NULL and (char *) 0 (was: dpkg semi-hijack - an announcement (also, triggers))
Riku Voipio <email@example.com> writes:
> On Sun, Mar 09, 2008 at 06:34:36PM +0000, Ian Jackson wrote:
>> Pierre Habouzit writes:
>>> If you're so afraid that one of the included headers defines NULL to
>>> '0', then just assert (__builtin_types_compatible(NULL, void *))
>>> somewhere and be done with it. But please, (char *)0 is not only wrong,
>>> it's also tasteless and ugly to the eye.
>> In what way is (char*)0 wrong in these contexts ?
> According to execlp manpage:
> The list of arguments must be terminated by a NULL pointer,
> and, since these are vari‐adic functions, this pointer _must_
> be cast (char *) NULL.
(char *) NULL is completely equivalent to (char *) 0 in C.
Ian is entirely correct from the standpoint of C standards pedanticism.
Either 0 or NULL is a valid null pointer constant in any context in which
a pointer is expected, and in variadic functions, using NULL is not safe.
Even apart from the fact that NULL is permitted to be defined to 0, and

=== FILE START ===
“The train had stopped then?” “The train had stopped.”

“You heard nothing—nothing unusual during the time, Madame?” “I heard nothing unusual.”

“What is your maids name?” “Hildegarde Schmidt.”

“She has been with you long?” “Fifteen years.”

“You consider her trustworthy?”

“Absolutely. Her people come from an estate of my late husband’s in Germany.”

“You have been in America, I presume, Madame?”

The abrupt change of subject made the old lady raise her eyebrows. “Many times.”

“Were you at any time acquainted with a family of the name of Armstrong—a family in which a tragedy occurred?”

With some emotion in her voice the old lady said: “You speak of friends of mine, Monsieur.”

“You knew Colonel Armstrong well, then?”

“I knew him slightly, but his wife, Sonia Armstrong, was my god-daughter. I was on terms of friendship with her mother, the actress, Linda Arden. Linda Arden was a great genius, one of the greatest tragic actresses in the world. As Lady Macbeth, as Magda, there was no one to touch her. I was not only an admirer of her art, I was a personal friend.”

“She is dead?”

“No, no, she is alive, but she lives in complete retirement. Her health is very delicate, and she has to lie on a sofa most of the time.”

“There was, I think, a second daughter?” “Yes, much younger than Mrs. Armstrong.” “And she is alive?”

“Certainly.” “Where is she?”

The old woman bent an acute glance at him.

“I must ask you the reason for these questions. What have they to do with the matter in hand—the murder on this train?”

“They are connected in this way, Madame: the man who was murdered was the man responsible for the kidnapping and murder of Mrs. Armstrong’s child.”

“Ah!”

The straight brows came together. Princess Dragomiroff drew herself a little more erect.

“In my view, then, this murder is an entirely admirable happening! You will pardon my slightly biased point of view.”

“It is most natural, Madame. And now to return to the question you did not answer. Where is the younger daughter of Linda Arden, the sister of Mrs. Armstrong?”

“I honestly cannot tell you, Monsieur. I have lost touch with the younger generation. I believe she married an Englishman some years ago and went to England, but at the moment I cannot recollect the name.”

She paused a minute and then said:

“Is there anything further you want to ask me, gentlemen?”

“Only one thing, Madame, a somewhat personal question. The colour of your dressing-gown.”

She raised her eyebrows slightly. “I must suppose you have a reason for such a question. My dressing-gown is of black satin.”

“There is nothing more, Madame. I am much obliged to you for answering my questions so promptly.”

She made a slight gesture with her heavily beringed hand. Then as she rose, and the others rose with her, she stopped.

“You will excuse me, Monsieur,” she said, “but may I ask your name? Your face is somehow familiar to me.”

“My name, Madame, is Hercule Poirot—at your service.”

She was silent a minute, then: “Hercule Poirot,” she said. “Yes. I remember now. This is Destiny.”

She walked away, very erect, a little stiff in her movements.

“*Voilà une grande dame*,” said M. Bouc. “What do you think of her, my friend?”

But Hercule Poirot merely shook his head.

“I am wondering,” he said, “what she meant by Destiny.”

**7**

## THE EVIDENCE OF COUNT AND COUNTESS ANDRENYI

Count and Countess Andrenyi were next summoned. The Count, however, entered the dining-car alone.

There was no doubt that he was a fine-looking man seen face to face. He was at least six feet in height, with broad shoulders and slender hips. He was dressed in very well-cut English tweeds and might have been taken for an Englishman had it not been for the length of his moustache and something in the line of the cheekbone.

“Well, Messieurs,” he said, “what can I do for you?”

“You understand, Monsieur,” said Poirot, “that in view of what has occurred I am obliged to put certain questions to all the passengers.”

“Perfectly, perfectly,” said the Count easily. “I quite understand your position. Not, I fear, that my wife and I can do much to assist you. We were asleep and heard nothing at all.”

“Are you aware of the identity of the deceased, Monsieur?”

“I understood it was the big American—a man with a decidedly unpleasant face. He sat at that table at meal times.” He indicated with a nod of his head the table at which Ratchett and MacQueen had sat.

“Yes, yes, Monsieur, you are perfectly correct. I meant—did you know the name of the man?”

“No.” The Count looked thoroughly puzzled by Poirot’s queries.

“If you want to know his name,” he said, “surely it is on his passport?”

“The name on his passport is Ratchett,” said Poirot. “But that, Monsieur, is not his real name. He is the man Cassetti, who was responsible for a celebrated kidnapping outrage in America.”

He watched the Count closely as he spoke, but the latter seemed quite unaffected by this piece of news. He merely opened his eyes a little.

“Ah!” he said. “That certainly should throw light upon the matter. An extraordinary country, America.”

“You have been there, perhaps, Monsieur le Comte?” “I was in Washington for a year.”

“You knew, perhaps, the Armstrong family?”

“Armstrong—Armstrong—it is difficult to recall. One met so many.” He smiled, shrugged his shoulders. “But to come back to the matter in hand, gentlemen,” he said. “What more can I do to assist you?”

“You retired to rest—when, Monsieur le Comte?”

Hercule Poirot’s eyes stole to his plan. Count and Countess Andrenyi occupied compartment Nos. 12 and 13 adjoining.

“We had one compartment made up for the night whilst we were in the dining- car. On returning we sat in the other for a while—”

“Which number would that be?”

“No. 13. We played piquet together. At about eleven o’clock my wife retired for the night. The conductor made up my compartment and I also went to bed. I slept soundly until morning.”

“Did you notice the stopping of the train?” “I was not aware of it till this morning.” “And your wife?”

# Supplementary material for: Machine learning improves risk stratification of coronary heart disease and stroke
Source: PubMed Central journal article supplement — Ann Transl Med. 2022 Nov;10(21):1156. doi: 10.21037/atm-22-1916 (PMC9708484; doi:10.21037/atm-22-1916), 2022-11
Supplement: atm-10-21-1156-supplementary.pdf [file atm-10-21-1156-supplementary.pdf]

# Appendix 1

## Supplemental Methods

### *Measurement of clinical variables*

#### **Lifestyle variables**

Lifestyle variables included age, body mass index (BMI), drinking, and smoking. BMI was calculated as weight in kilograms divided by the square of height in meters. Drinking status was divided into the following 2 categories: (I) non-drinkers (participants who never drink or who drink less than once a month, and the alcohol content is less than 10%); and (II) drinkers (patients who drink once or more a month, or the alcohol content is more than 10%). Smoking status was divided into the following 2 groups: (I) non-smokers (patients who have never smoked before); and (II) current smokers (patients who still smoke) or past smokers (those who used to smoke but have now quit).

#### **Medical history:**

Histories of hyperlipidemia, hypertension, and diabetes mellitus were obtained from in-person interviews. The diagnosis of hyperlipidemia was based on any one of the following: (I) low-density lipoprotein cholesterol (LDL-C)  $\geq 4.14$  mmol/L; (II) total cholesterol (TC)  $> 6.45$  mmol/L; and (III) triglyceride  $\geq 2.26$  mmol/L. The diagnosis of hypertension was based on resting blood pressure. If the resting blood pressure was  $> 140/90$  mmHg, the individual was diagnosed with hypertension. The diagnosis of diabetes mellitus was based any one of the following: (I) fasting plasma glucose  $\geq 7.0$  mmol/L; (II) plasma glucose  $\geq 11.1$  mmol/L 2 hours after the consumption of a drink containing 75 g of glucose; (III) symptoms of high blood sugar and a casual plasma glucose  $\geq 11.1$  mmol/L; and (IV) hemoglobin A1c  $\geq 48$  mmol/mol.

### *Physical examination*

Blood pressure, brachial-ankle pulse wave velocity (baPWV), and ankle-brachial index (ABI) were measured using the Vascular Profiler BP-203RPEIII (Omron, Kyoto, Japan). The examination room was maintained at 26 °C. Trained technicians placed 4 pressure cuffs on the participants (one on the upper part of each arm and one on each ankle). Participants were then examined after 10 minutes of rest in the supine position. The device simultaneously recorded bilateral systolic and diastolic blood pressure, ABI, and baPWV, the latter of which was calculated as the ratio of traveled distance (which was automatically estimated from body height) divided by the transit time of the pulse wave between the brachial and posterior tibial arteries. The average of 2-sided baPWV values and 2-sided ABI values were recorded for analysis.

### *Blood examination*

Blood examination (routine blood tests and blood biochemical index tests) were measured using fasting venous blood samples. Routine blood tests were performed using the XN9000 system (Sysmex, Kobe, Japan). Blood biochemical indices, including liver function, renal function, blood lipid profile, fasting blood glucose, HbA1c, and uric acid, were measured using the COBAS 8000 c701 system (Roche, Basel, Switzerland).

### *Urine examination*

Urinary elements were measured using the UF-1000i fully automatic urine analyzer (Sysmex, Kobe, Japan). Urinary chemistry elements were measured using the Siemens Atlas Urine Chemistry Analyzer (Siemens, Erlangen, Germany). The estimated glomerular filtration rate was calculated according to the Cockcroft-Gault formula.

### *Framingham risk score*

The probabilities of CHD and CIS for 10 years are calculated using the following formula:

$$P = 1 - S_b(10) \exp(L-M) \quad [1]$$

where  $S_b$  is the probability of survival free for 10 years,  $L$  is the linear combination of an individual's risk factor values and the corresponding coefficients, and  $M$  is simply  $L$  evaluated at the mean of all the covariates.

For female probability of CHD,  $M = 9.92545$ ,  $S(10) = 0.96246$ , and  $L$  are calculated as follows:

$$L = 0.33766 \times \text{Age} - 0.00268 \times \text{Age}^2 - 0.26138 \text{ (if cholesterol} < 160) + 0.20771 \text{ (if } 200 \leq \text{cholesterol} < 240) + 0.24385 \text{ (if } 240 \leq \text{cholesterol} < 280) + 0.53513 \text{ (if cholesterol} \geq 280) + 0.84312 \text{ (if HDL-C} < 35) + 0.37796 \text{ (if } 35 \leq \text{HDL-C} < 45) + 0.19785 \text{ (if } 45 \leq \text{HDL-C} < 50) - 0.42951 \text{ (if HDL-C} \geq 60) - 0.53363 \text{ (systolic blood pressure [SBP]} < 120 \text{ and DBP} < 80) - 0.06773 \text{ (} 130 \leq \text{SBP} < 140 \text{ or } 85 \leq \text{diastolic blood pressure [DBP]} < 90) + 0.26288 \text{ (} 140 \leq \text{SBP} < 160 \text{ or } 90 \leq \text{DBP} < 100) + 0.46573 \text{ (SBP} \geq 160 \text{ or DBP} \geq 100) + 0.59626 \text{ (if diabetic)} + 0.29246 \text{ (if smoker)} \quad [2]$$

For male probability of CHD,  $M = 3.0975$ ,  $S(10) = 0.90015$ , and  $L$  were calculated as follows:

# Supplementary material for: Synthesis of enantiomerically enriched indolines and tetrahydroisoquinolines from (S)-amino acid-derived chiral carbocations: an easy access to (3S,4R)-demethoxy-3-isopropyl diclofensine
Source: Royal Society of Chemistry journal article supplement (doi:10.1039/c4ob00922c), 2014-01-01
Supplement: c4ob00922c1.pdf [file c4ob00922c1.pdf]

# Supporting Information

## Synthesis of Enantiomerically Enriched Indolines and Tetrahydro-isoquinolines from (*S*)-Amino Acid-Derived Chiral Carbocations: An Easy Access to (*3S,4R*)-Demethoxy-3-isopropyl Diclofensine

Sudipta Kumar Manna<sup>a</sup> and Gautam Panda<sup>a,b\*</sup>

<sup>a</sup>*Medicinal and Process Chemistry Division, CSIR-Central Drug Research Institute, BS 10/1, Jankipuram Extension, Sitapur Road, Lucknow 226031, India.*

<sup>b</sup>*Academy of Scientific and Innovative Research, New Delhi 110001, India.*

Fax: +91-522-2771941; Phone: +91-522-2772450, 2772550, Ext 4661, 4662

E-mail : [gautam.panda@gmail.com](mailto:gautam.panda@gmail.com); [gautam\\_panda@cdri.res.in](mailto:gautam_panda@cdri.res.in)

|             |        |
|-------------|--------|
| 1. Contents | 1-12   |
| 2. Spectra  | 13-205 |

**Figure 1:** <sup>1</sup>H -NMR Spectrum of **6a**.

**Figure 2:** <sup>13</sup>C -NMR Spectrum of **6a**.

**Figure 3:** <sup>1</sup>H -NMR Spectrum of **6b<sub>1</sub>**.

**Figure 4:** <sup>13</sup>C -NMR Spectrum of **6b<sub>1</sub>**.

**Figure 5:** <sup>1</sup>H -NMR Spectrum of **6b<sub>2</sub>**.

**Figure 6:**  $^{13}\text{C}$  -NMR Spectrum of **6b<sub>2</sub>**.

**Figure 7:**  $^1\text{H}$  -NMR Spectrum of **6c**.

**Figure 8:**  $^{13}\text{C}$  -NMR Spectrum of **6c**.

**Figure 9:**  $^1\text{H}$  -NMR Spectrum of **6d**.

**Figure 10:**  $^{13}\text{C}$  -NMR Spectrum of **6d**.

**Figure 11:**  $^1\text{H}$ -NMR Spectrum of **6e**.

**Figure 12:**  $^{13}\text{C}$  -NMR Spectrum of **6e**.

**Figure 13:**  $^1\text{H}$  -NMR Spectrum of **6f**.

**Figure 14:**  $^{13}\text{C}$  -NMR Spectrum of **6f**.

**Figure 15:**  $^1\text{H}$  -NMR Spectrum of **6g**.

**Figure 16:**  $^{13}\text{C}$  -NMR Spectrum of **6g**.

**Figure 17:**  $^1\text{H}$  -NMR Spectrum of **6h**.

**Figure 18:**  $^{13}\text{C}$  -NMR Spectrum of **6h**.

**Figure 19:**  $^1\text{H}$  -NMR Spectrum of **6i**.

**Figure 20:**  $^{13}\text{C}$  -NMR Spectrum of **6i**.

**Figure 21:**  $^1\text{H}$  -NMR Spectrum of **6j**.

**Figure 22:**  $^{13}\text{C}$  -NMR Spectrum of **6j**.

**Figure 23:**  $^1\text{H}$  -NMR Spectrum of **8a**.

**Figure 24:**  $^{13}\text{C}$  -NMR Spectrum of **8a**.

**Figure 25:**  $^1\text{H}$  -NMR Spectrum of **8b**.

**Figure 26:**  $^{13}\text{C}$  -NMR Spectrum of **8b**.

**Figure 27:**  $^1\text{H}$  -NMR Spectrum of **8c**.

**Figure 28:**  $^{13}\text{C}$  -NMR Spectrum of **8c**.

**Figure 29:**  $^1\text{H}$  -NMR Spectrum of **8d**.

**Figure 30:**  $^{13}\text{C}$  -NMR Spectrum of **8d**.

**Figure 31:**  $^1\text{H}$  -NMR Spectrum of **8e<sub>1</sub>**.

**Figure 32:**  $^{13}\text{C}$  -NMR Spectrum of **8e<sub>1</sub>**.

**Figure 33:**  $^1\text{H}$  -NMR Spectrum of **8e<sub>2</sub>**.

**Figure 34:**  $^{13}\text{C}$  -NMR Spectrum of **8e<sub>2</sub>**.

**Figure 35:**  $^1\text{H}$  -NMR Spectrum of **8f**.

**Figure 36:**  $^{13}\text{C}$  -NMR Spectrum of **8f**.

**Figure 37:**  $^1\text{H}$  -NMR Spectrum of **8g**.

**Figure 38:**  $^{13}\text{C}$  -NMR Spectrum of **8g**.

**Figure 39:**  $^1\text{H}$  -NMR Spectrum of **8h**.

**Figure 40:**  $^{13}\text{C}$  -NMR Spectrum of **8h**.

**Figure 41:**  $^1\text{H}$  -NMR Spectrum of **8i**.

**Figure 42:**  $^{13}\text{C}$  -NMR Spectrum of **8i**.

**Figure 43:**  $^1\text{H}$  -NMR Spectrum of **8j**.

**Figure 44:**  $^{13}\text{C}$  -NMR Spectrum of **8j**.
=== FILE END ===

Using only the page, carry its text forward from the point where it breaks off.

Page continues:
hence not a pointer in a variadic context, the C standard does not require
that all pointers be the same. (void *) 0 is permitted to be a different
bit pattern than (int *) 0 and neither is required to be an all-zero bit
pattern. In order to be entirely correct, you must cast a NULL pointer
constant passed to a variadic function to exactly the type of pointer that
the function expects, whether that be char *, int *, or something else.
Using NULL, or even always using (char *) 0 without regard for what's
expected, is not correct.
It's fairly unlikely that any of this would result in noticable bugs on
the systems to which Debian has been ported, given that gcc defines NULL
to ((void *) 0) and none of the systems on which Debian runs use different
bit patterns for null pointer constants for different types of constants
(and doing so would break a lot of code written with less detailed
attention to the standard).
Usually people don't worry about this (and make other similar assumptions,
like assuming that you can initialize a structure containing pointers with
calloc and get null pointers). I try not to, when I remember, but given
the paucity of systems on which these assumptions break, most C code that
you see is not this careful.
This topic is a whole *section* in C FAQ, BTW. See:
Russ Allbery (firstname.lastname@example.org) <http://www.eyrie.org/~eagle/>